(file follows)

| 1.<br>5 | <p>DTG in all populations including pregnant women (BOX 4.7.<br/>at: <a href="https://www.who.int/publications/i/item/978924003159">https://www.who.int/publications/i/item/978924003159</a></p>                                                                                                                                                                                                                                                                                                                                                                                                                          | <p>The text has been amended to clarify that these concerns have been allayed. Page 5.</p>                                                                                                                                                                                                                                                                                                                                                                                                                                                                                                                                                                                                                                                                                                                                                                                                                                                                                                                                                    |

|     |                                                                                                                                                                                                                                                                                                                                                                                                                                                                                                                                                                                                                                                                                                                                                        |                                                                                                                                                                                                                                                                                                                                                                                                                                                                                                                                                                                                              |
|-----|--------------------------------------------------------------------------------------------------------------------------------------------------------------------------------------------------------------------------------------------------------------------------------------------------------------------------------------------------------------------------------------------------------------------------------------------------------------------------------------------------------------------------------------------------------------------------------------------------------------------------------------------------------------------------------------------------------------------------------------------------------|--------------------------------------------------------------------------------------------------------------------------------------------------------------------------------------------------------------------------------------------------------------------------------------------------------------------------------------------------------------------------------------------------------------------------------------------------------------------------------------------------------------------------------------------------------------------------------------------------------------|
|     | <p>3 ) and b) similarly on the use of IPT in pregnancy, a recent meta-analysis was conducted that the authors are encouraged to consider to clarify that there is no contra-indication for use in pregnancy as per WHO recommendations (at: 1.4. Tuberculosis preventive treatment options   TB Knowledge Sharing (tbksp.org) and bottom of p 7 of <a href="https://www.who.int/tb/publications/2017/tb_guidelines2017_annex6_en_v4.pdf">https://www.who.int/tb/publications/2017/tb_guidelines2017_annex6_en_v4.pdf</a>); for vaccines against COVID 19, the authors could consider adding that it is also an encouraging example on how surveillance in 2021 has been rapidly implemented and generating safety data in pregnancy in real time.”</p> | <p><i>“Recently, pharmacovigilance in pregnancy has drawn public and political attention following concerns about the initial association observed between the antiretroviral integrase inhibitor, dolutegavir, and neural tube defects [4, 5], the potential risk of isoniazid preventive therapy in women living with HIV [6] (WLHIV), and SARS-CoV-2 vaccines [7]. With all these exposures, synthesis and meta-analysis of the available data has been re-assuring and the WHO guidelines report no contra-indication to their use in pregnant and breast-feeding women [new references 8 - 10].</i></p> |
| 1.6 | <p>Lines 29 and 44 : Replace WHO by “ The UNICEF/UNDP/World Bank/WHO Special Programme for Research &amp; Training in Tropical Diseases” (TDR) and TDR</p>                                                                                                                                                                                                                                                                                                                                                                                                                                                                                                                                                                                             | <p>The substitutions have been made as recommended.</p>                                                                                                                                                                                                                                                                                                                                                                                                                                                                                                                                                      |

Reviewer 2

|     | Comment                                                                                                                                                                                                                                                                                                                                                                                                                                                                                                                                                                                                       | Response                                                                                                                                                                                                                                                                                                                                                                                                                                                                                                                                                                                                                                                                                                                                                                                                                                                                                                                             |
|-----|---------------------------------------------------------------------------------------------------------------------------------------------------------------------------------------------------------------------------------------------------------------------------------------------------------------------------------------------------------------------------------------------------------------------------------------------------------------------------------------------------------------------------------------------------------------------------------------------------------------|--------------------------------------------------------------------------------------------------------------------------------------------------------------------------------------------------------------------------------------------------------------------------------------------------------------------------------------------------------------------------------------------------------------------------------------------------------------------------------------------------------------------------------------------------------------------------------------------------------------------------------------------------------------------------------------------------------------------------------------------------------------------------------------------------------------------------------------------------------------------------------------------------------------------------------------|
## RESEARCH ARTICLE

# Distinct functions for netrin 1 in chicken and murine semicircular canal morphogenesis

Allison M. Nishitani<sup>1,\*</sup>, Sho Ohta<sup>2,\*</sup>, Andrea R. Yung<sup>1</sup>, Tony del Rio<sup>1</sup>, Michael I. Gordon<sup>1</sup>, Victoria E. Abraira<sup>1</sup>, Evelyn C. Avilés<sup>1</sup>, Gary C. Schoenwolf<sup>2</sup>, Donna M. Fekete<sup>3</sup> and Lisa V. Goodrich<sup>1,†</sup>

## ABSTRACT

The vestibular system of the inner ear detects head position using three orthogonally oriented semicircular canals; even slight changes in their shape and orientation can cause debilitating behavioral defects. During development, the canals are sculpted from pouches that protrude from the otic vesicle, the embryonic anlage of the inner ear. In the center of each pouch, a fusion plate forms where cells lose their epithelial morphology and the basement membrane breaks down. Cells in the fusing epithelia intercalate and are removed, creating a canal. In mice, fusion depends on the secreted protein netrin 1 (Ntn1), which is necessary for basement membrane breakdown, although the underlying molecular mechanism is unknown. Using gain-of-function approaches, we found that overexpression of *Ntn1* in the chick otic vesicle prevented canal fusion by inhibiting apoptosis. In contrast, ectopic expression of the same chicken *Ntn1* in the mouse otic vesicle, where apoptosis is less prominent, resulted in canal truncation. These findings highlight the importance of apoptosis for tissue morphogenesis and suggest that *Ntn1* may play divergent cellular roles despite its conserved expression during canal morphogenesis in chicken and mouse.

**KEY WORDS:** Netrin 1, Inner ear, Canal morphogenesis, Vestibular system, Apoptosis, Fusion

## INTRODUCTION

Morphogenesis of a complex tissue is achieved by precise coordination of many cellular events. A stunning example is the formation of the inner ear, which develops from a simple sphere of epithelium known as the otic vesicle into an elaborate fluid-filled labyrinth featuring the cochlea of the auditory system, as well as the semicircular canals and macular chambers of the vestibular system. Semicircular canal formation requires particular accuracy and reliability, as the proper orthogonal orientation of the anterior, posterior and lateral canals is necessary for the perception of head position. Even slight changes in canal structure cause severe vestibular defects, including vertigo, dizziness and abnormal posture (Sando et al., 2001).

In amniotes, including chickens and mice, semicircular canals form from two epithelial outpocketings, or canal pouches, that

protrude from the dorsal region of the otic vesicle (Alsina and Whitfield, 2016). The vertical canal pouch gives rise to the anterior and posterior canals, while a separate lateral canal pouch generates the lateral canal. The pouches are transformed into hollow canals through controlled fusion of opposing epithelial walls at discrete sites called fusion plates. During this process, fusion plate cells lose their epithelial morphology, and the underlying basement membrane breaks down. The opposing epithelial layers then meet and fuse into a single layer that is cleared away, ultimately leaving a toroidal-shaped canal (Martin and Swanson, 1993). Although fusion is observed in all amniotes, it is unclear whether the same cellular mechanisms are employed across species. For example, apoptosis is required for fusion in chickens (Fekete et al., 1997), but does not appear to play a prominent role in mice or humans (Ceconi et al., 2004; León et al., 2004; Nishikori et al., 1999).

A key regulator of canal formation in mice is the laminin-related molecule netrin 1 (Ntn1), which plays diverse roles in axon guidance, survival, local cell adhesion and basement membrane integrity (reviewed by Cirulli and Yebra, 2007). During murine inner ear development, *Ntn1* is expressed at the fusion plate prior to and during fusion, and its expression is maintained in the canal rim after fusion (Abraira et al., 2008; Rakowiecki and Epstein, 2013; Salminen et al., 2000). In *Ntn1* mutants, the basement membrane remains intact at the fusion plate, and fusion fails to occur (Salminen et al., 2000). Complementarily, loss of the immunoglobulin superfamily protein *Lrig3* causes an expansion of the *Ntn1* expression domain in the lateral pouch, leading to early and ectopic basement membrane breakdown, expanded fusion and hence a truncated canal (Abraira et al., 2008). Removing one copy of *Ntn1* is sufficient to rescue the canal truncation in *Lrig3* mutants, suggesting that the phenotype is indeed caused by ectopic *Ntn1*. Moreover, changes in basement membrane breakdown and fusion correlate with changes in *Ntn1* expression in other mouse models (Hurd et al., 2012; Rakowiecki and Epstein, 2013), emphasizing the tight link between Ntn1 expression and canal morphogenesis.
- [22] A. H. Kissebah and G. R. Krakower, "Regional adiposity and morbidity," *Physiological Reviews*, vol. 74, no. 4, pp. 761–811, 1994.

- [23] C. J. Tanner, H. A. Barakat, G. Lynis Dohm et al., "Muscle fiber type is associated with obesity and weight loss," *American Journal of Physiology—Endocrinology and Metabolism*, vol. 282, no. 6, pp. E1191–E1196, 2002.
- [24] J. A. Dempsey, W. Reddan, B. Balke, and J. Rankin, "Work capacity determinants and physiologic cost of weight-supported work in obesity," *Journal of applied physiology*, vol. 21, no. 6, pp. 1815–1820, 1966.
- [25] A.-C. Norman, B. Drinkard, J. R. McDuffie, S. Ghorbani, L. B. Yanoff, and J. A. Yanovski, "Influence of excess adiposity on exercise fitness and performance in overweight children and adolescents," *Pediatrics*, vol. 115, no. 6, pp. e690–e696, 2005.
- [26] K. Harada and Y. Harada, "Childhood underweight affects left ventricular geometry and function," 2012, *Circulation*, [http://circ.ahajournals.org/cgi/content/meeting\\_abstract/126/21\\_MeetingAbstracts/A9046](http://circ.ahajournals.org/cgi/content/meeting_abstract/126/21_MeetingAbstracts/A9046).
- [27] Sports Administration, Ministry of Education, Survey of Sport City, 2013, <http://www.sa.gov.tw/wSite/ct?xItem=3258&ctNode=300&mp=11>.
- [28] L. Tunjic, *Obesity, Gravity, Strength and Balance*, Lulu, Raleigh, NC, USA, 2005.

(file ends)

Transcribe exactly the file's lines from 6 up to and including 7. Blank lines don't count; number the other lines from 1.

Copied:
Reviewer 2

|     | Comment                                                                                                                                                                                                                                                                                                                                                                                                                                                                                                                                                                                                       | Response                                                                                                                                                                                                                                                                                                                                                                                                                                                                                                                                                                                                                                                                                                                                                                                                                                                                                                                             |